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In her last interview before her death, in November, Mehle spoke to ‘I remember early on people would whisper, ‘Don’t tell her anything. She writes that column,’ ” said Aileen Mehle, who for more than five decades, under the pen name Suzy, chronicled the comings and goings, the weddings and divorces, the charity galas and costume balls of international high society, starting at the magazine she was “easily the brightest and most widely read society columnist in the country.”“People didn’t really know me when I started out,” she continued, sitting on a pale-green satin sofa in the peach-walled, double-height living room of her apartment, located in a Gilded Age mansion on Manhattan’s Upper East Side and done up for her in grand told people everything I’m telling you . As she put it, almost in exasperation, “I have 100,000 anecdotes, and I don’t know what to do with them—except tell them to you . On her 97th birthday, in June 2015, Blaine Trump hosted a dinner at her Central Park South pied-à-terre with a few of the retired columnist’s closest friends, including Carolina Herrera and her husband, Reinaldo (a contributing editor), sugar baron Jose “Pepe” Fanjul and his wife, Emilia, and publicist Paul Wilmot.

Actually, you know more about me than anybody I know.” This interview, the most expansive and in-depth she’d ever given—she dismissed many offers to write her memoirs—would turn out to be her last before her death, in November, at age 98.“Everything” encompassed the inside stories of her two failed marriages, as well as her romances with five-and-dime heir Woolworth “Wooly” Donahue, veteran Hollywood producer Walter Wanger, and Ol’ Blue Eyes himself, Frank Sinatra—between wives three and four, Mia Farrow and Barbara Marx. But when I say these things, I’m a little bit hesitant, because it all sounds like I’m bragging. “Bob, I don’t even want to write my name anymore.”Mehle was about to turn 96 when we embarked on this article, three years older than Wikipedia had her.

Nerve-sparing surgery was out of the question, and due to complications, part of the penile shaft was removed.“You look down and go, holy smoke. I was left with about a half-inch of male tool,” he says.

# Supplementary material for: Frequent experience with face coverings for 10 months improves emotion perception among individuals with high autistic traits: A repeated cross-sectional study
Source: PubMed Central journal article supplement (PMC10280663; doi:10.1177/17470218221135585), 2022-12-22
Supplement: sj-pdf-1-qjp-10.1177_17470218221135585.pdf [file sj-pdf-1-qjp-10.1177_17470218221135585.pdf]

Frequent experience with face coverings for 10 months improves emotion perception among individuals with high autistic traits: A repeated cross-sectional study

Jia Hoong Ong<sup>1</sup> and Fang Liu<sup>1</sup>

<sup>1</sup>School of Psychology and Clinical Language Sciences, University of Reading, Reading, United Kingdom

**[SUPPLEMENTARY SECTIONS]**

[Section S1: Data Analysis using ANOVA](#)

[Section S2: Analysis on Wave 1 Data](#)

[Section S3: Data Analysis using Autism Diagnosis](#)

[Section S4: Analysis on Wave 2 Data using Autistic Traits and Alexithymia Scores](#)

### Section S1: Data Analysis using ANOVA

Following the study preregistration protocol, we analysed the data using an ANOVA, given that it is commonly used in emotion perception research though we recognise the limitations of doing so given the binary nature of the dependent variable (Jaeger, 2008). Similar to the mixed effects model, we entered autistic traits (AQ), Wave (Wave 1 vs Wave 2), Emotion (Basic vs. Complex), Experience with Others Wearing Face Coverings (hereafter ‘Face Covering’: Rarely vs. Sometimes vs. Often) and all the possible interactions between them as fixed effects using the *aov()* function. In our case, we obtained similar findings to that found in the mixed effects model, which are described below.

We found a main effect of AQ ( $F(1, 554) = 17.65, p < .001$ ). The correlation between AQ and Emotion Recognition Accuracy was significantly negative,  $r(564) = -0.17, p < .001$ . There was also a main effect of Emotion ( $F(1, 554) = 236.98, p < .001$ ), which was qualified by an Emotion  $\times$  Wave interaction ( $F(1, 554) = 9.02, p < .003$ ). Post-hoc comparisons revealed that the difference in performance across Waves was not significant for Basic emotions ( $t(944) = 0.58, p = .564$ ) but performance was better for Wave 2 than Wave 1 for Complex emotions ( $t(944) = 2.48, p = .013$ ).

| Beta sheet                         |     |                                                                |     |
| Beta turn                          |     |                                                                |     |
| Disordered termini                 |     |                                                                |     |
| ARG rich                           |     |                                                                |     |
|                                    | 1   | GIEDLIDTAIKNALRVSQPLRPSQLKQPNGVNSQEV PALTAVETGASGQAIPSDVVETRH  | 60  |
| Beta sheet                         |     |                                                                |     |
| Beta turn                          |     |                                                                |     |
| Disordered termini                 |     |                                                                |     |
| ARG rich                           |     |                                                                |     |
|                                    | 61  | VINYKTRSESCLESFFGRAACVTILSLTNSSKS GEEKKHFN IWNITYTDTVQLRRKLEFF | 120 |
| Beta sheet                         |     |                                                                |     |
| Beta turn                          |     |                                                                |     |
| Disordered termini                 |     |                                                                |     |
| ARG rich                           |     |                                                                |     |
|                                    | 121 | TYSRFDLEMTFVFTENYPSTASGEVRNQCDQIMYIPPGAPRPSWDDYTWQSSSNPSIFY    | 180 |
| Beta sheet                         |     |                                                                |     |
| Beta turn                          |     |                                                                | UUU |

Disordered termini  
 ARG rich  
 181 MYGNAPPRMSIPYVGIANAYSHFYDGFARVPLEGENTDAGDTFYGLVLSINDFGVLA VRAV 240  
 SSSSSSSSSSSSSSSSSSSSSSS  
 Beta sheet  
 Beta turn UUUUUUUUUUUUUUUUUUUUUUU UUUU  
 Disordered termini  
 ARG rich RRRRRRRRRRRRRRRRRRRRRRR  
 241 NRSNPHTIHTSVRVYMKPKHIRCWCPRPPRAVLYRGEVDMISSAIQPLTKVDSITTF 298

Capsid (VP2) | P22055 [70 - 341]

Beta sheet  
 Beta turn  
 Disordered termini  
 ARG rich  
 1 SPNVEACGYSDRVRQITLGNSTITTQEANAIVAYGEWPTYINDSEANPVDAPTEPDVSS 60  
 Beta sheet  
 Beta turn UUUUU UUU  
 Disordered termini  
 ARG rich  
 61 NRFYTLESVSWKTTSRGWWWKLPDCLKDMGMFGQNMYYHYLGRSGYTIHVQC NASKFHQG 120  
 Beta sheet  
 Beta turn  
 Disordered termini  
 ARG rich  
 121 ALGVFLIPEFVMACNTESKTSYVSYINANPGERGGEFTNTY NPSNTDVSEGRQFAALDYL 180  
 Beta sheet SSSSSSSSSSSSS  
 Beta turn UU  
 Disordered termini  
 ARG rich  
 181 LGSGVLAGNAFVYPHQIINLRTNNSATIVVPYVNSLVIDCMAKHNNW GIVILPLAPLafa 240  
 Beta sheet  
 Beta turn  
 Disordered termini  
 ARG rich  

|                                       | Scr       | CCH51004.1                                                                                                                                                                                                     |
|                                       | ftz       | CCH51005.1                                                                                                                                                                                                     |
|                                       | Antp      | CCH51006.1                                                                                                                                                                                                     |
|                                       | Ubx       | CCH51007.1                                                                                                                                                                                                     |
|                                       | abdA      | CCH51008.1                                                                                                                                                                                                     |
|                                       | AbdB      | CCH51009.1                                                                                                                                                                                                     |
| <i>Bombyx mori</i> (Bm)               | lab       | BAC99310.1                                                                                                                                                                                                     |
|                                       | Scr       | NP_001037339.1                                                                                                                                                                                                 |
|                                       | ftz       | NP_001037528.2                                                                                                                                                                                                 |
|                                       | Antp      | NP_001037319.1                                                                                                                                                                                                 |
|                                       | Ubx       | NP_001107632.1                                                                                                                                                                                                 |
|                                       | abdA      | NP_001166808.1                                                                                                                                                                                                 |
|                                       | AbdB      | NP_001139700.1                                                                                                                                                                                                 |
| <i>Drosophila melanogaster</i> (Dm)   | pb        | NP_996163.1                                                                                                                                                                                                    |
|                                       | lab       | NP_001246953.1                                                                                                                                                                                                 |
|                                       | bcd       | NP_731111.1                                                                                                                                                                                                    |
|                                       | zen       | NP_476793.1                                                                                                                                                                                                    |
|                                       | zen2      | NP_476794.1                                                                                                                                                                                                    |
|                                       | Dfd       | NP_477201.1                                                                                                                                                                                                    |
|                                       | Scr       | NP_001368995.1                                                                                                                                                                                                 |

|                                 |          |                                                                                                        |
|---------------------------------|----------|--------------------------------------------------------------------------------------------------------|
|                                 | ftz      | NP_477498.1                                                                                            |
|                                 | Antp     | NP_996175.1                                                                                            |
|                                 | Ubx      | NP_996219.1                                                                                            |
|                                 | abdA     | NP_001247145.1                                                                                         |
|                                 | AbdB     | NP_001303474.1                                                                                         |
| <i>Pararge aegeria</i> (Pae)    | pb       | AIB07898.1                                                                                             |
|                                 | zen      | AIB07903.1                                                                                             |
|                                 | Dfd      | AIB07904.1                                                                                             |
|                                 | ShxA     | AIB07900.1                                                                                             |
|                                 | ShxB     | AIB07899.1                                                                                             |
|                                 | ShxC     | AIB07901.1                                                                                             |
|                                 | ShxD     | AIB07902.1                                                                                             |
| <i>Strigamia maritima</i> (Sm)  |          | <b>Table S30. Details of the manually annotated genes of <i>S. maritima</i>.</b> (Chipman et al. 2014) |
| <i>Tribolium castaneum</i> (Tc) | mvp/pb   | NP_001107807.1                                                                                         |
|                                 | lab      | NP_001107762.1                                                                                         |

Still no erection Glen, 64, a Vancouver computer programmer, was diagnosed four years ago with an aggressive form of prostate cancer.

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"I couldn't do it without their support," Linda said.

For her, it was simple: Get the cancer out.“I knew that people had surgery, and that surgery could work,” Hardaway said. Then, it came out: “I could end up not able to get an erection.”She pleaded with him. The good news, says Goldenberg, is that advances, such as earlier diagnosis and nerve-sparing surgery, have changed outcomes for men.“With better treatments, we have higher chances of maintaining sexual function.”He compares the nerve-sparing surgery to peeling the skin off an onion.

Your work.”In reply, Kaplan blurted out, “Marry me.”Hardaway was taken aback. ”Kaplan, utterly vulnerable, replied, “You’ll go away because I’ll be impotent. After a prostatectomy — the complete removal of the prostate gland — Goldenberg said, “There are very few men who are the same as before.”The effects of surgery can range from mild loss of erection and pain on orgasm, to total loss of erection and incontinence.“It’s almost impossible to predict,” Goldenberg said.

Then we remove the prostate, reconnect the urinary bladder to the urethra.”Nerve-sparing surgery cannot be done when cancer is detected close to the nerves.

“He showed up on one of our dates and said ‘I just had a biopsy’.” He downplayed it. “He had gone to a urologist friend, who had not found anything and he let it go.” A year later his prostate-specific antigen count had doubled. “We peel the nerves off the prostate, it’s very delicate.